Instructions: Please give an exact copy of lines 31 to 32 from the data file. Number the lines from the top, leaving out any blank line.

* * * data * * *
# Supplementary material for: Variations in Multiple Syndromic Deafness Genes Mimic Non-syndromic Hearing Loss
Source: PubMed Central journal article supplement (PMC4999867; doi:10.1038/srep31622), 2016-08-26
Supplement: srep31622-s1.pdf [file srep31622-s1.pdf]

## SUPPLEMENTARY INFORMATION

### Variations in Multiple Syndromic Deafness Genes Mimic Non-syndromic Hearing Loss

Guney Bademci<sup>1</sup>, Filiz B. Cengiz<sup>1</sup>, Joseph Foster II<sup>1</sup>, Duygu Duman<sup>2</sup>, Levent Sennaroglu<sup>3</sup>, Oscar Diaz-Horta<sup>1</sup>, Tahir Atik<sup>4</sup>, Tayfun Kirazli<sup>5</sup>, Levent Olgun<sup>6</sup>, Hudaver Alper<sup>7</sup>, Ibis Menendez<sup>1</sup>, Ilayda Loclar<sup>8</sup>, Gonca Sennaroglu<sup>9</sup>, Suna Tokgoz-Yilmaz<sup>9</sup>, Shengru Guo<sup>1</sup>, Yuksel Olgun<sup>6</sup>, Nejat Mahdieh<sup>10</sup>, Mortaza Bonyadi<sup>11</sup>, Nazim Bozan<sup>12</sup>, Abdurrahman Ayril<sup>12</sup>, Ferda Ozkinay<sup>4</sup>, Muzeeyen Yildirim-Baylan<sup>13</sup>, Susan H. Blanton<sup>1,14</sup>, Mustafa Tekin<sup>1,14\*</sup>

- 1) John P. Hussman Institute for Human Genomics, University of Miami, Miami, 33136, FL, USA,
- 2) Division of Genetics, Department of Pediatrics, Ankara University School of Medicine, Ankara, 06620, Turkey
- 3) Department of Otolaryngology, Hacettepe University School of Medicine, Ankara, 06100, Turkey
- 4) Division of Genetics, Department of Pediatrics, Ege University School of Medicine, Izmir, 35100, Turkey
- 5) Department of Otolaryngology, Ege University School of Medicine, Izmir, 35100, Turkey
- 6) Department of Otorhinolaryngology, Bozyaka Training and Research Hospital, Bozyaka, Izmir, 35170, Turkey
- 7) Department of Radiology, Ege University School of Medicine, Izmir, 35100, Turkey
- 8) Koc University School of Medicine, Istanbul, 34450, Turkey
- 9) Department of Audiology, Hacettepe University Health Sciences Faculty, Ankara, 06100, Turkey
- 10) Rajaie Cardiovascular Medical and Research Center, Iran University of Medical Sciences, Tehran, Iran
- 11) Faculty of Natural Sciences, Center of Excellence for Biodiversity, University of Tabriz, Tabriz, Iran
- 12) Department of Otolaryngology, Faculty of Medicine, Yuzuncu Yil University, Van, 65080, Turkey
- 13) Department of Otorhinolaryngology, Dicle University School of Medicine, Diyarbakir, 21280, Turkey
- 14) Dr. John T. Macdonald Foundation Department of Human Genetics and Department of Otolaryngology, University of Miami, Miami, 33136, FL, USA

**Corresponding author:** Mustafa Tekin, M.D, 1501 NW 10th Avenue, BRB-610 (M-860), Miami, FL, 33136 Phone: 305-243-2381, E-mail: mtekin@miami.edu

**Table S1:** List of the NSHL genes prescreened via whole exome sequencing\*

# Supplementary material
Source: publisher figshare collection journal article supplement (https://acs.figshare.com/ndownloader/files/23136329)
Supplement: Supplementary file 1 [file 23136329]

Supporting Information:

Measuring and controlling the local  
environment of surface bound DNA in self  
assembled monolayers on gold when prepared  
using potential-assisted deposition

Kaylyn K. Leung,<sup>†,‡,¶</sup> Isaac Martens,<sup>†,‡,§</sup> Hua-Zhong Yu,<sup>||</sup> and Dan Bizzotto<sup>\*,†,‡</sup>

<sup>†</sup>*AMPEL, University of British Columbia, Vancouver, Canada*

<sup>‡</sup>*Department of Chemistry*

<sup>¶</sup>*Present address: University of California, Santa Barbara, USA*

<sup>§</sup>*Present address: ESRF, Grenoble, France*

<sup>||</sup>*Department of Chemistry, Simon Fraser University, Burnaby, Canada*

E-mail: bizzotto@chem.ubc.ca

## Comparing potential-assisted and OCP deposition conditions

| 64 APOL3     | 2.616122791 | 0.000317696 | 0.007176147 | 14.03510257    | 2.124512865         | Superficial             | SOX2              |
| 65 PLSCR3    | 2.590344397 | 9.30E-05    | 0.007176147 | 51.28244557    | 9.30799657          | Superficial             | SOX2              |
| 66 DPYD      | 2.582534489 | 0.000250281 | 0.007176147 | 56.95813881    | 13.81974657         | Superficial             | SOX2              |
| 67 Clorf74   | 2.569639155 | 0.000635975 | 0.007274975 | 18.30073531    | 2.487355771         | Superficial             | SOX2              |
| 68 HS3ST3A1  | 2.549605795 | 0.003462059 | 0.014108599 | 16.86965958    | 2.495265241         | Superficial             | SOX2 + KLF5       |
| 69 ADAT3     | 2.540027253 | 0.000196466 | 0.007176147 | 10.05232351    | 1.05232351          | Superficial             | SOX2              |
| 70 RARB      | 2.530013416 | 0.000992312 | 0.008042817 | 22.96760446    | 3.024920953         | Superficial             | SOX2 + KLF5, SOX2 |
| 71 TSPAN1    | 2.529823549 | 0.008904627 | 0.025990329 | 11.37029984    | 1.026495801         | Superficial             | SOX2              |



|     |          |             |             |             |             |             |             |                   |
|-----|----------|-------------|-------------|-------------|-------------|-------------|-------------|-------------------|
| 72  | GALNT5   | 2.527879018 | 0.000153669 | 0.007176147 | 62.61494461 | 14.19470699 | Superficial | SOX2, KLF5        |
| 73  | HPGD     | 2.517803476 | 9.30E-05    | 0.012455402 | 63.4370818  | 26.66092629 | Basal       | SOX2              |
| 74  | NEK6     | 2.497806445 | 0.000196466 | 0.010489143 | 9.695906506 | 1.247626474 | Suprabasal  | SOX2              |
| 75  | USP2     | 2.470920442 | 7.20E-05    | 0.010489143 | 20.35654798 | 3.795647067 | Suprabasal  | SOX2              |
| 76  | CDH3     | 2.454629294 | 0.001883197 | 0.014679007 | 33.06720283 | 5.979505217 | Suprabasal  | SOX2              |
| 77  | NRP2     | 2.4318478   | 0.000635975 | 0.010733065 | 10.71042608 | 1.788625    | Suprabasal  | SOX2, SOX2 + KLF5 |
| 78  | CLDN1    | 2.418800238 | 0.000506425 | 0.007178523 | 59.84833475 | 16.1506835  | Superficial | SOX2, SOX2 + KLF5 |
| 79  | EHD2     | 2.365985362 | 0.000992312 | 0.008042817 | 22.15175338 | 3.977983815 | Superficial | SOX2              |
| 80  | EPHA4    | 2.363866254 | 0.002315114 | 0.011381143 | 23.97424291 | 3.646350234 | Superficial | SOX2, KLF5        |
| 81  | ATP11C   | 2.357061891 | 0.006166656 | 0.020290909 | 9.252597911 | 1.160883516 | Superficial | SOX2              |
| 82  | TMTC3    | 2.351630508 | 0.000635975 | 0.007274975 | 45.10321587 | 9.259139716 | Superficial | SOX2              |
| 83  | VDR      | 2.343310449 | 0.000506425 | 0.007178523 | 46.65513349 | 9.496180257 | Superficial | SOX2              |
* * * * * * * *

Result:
Kaylyn K. Leung,<sup>†,‡,¶</sup> Isaac Martens,<sup>†,‡,§</sup> Hua-Zhong Yu,<sup>||</sup> and Dan Bizzotto<sup>\*,†,‡</sup>

<sup>†</sup>*AMPEL, University of British Columbia, Vancouver, Canada*